The Syrian blogosphere recently got fired up over the subject of homosexuality. Specifically, a group of bloggers of a variety of backgrounds launched a campaign against homosexuality, and another group of bloggers responded rationally (though angrily). As my dear friend Razan pointed out in this epic post:
It is very outrageous for some and for me to hear arguments that are against non-virgin women and homosexuals, but these very thoughts are real, and we need to feel good about having Syrian bloggers who depict the majority of the Syrian society, cause without them, we ourselves, won’t be real anymore, we will think that Syria is fine, everything is fine, and we won’t be able to touch a bit of what is not so fine about us.
Razan is right – until these topics are broached, they remain underground, silent. As soon as they are raised, whether in opposition or not, they become real, a part of the fabric, something worthy of discussion.
Now, I need to take a step back, because I am an outsider – most certainly to Syria, but also to Morocco, which this post will eventually be about. Yes, I lived there for two years, and yes, have had very intimate relationships and friendships with Moroccans, but I feel the need to place a caveat on this post: I am not Muslim, I am not Moroccan, and so my views are stated as such – as a citizen of the world, a believer in freedom of justice, and as myself.
That said, here goes: I read today that Morocco is cracking down on homosexual activity. My first thoughts upon reading the article were very angry, reactionary. I singled out this quote in particular:
“Homosexuality is copied from Western movies, TV shows, and porn channels that promote such practices, and which are, in turn, adversely reflected on younger generations who follow suit, unaware of the consequences,” added university student Mohamed Zahi.
That quote is what I want to discuss, because I realize that the Qur’an, like the Bible and like the Torah, and I’m sure like many other holy books, forbids homosexuality (at least by most interpretations). I recognize that Moroccans, the majority of whom are raised with some degree of Islam or another at home, are brought up to oppose homosexuality on religious grounds. That is reality.
What is not reality, however, and will never be, is that homosexuality is an import. The same argument was made by Syrian bloggers: that homosexuality is an unnatural effect of a freewheeling society. I will say it once: it is not. Homosexuality, bisexuality, transsexualism, transgenderism, queerness, and anything else on the spectrum are acts of nature. While we can control our actions, as many homosexuals raised in religious communities feel forced to, we cannot control who we fall in love with, who we are attracted to.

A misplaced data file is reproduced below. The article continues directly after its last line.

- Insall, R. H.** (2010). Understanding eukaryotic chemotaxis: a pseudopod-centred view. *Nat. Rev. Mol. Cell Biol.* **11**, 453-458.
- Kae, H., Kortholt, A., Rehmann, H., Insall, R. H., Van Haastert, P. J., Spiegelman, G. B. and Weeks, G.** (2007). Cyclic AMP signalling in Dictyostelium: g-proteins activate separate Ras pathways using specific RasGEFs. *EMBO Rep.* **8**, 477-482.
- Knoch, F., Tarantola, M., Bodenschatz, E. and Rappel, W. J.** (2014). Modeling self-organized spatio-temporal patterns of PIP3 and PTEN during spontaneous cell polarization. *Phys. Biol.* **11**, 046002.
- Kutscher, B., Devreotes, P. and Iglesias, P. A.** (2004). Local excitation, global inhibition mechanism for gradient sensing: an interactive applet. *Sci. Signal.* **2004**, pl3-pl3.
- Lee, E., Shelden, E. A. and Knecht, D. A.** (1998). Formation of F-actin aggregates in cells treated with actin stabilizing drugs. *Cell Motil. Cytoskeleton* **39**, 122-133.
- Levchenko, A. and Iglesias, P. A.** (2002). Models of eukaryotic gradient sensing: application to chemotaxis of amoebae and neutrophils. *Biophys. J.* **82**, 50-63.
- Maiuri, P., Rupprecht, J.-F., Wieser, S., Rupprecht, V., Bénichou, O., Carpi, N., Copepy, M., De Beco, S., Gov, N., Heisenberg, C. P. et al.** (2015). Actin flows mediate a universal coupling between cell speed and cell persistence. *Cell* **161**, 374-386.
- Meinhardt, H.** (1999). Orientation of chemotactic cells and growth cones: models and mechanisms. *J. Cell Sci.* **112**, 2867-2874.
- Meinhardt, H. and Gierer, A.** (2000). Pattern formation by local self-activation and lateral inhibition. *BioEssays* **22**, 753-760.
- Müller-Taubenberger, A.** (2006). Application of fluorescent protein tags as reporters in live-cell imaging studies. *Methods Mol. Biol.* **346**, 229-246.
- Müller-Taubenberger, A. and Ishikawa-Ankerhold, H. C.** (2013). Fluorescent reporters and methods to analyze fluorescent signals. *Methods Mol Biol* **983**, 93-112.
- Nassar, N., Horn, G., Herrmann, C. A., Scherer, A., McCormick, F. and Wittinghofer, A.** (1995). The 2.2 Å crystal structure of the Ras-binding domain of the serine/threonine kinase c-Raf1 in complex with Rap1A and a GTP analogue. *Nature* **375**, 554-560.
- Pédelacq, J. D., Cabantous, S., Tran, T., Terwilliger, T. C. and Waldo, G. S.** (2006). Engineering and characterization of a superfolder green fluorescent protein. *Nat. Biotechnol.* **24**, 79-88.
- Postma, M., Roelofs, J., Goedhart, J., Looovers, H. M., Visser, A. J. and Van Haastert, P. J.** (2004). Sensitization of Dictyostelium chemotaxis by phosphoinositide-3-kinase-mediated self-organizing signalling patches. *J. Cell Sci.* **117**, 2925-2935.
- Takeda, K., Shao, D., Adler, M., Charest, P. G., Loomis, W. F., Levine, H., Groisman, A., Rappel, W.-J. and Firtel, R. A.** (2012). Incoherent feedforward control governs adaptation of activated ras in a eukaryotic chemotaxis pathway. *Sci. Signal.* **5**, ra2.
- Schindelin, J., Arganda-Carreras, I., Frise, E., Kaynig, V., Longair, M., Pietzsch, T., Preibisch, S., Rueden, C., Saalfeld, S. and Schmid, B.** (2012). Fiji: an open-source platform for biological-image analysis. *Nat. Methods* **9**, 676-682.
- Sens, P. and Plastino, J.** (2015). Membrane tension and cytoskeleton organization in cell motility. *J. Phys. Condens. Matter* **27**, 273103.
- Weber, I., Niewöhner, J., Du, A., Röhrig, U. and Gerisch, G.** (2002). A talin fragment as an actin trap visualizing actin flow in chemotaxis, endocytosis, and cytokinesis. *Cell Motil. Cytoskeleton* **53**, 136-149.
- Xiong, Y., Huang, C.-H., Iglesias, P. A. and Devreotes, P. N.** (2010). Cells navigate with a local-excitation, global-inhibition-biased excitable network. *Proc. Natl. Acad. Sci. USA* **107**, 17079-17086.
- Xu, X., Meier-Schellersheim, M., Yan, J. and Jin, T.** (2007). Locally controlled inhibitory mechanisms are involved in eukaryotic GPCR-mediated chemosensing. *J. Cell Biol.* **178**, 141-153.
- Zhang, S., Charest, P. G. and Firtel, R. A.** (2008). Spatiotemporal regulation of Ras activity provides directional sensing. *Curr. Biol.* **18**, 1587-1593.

But rather than waste time debunking myths that have been debunked thousands of times (including here, in Anas’s fantastic post), I would rather say this: A society cannot progress by restricting freedom, as Morocco continues to do. Morocco is a hypocritical nation: it gives equity to women one minute by allowing them to pass Moroccan nationality to their children, but refuses to do anything about its vast child labor problems. It grants the freedom of the press to photograph the princess and her children, but places shackles on journalists for telling a few jokes. And now, in the same breath, Morocco is clamping down on sexual and religious freedoms as it tries to push ahead economically.
Of the many reasons I left Morocco, the most poignant was that I never once felt, as a woman, equal. Not once. Not in my job where, despite my equal salary and equal teaching schedule, I was still sexually harassed by a fellow teacher. Not on the street where it was a miracle if I could walk two blocks without being whistled at (didn’t matter if I wore hijab!). Not in shops, where if I were with a man, he would always be deferred to even if I were the one paying.
People back home aren’t wont to listen to such complaints, thinking them the burdens of a Muslim society. But I know better: that isn’t Islam. That’s a society repressed to the point of explosion.